Yen Carry Trade to Unwind - Market
There is a very important
development regarding the YEN carry trade. I deem this important
enough to post a market crash alert.
The Japanese economy is strengthening enough
to cause an unwinding of the massive YEN carry trade. The
last time this happened, there was the LTCM collapse.
Japan has had enough economic growth these last
quarters, in production growth and consumer spending, that
the BOJ may well end the policy of zero interest rates in
That zero rate interest policy has lasted about
ten years, and is the first source of the liquidity bubbles
world wide, and is very much a part of the liquidity bubbles
here in the US. Once the BOJ starts to raise interest rates
in Japan, the Yen carry trade will start to unwind.
The Yen carry mechanism is to borrow Yen at
virtually zero rates, and then to purchase US treasuries at
about a 3% interest rate gain net. There are literally trillions
USD of yen carry trade positions scattered amongst hedge funds,
insurance companies, and mutual funds. The phenomena is so
widespread and has gone on so long, that the BOJ and even
the BIS does not have data on the known net amount of YEN
carry trade floating out there in the world. The result is
that the effects of an unwinding of the Yen carry trade are
unknown, but are sure to be very negative.
Here are the kinds of things that will happen
when the Yen carry trade is unwound:
• US treasuries will become less desirable,
much of the purchases of UST’s last year were from foreign
private entities who bought the UST’s to benefit from
the interest differential of about 3% net over Japan.
• UST’s were not the only beneficiaries
of the Yen carry trade. Markets world wide are given massive
amounts of liquidity, as Yen borrowed for virtually nothing
are then invested eventually in foreign stock markets everywhere.
Real estate markets also benefit greatly, as the Yen carry
trade finds its way into real estate markets from Shanghai
to the US to everywhere. The BOJ literally acts like a central
bank of the world through the Yen carry trade, supplying liquidity
that finds its way into markets everywhere.
The phenomena is a decade old now for the latest
manifestation. The last time this level of penetration of
the Yen carry trade was reached was just prior to the LTCM
collapse. Back then, when the Yen unexpectedly strengthened
20% it caused a massive move out of Borrowed Yen on the Cheap,
and caused massive market sell offs world wide, and was a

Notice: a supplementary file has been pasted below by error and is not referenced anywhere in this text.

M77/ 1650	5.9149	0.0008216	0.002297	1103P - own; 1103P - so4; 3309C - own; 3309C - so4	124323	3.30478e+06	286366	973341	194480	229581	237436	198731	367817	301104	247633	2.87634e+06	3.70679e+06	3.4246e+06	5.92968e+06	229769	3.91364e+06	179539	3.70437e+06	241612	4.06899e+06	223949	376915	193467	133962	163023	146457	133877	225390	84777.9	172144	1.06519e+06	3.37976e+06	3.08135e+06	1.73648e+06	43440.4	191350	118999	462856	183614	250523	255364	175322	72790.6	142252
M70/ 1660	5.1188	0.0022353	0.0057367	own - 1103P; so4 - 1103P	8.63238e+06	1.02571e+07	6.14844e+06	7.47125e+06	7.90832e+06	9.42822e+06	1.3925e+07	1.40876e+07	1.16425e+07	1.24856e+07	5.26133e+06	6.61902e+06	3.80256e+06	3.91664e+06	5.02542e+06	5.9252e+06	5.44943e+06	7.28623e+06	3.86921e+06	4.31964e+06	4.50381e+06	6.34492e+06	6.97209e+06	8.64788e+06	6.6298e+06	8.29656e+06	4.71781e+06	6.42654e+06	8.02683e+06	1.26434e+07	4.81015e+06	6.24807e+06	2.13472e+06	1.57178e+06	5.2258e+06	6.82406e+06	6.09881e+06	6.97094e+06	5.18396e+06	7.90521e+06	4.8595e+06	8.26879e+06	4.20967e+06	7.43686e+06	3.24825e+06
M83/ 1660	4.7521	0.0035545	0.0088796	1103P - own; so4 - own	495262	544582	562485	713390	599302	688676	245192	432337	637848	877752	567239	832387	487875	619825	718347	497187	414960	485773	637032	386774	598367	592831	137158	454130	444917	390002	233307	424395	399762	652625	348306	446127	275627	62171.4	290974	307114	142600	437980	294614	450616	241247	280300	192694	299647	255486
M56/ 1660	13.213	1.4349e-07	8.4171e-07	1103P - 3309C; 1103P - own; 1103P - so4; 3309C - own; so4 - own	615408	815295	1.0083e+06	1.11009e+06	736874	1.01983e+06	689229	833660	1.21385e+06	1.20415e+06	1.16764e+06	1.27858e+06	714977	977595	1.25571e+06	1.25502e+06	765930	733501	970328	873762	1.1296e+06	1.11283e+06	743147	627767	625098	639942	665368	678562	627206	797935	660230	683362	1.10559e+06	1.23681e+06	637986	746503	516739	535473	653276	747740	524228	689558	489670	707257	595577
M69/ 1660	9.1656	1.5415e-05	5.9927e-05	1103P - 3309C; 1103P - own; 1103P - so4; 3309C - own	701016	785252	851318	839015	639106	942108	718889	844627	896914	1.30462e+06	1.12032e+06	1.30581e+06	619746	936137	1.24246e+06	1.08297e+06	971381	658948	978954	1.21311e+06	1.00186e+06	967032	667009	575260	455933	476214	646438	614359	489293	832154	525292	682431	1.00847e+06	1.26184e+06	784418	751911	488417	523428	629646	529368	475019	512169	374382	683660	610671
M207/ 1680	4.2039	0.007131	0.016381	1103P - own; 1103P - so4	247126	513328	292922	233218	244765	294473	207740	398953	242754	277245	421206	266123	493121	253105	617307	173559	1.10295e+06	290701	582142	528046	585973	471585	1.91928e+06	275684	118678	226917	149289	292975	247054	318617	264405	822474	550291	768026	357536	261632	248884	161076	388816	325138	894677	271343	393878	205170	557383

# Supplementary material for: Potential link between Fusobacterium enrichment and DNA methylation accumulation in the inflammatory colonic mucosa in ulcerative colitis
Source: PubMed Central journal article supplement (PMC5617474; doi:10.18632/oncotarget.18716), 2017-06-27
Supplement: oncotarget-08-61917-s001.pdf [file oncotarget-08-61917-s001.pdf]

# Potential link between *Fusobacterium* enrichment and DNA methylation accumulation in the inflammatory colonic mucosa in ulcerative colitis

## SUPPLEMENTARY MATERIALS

direct cause of the LTCM collapse, where the US FED had to
act immediately to bail out banks and illiquid brokerages
and financial entities with blank checks to forestall that
We are again facing a very similar dilemma now,
with the present significant strengthening of the Japanese
economy, and the prospect of a rising Yen and a rising Japanese
interest rate environment. Both of these trends hit the Yen
carry trade on two sides.
This could cause a massive move out of the Yen
carry trade, as those positions are unwound quickly to get
out in advance of as many others as possible. This is because
that Yen carry trade has gone on for about ten years and the
accumulated positions are just astronomical.
It is for this reason that I am issuing my third
market crash alert for 2006.
I don’t like issuing these, but when I
see such an event pending, I just have to give the alert.
This is not something I like doing. An alert does not mean
there must be a crash, only that there is a serious new risk
Here is a link to a superb article at Bloomberg
about this issue. I have paraphrased some of it above.
“Bloomberg: Remember 1998
In October of that year, Russia's debt default
and the implosion of Long-Term Capital Management LP shoulder-checked
global markets. The disorienting period culminated in the
yen, which had been weakening for years, surging 20 percent
in less than two months.
Suddenly, just about anyone who'd borrowed cheaply
in yen rushed for the exits. It prompted frantic conference
calls among officials in Washington, Tokyo and Frankfurt.
Just how big was the yen-carry trade? How much leverage was
involved? What could policy makers do, if anything, to regain
Since then, the wild days of 1998 have been
largely forgotten. And as Japan slid back into recession and
deflation, the yen-carry trade was back in favor. Trouble
is, just as then, officials have little data to go on to understand
the enormity of the risks all this poses. “
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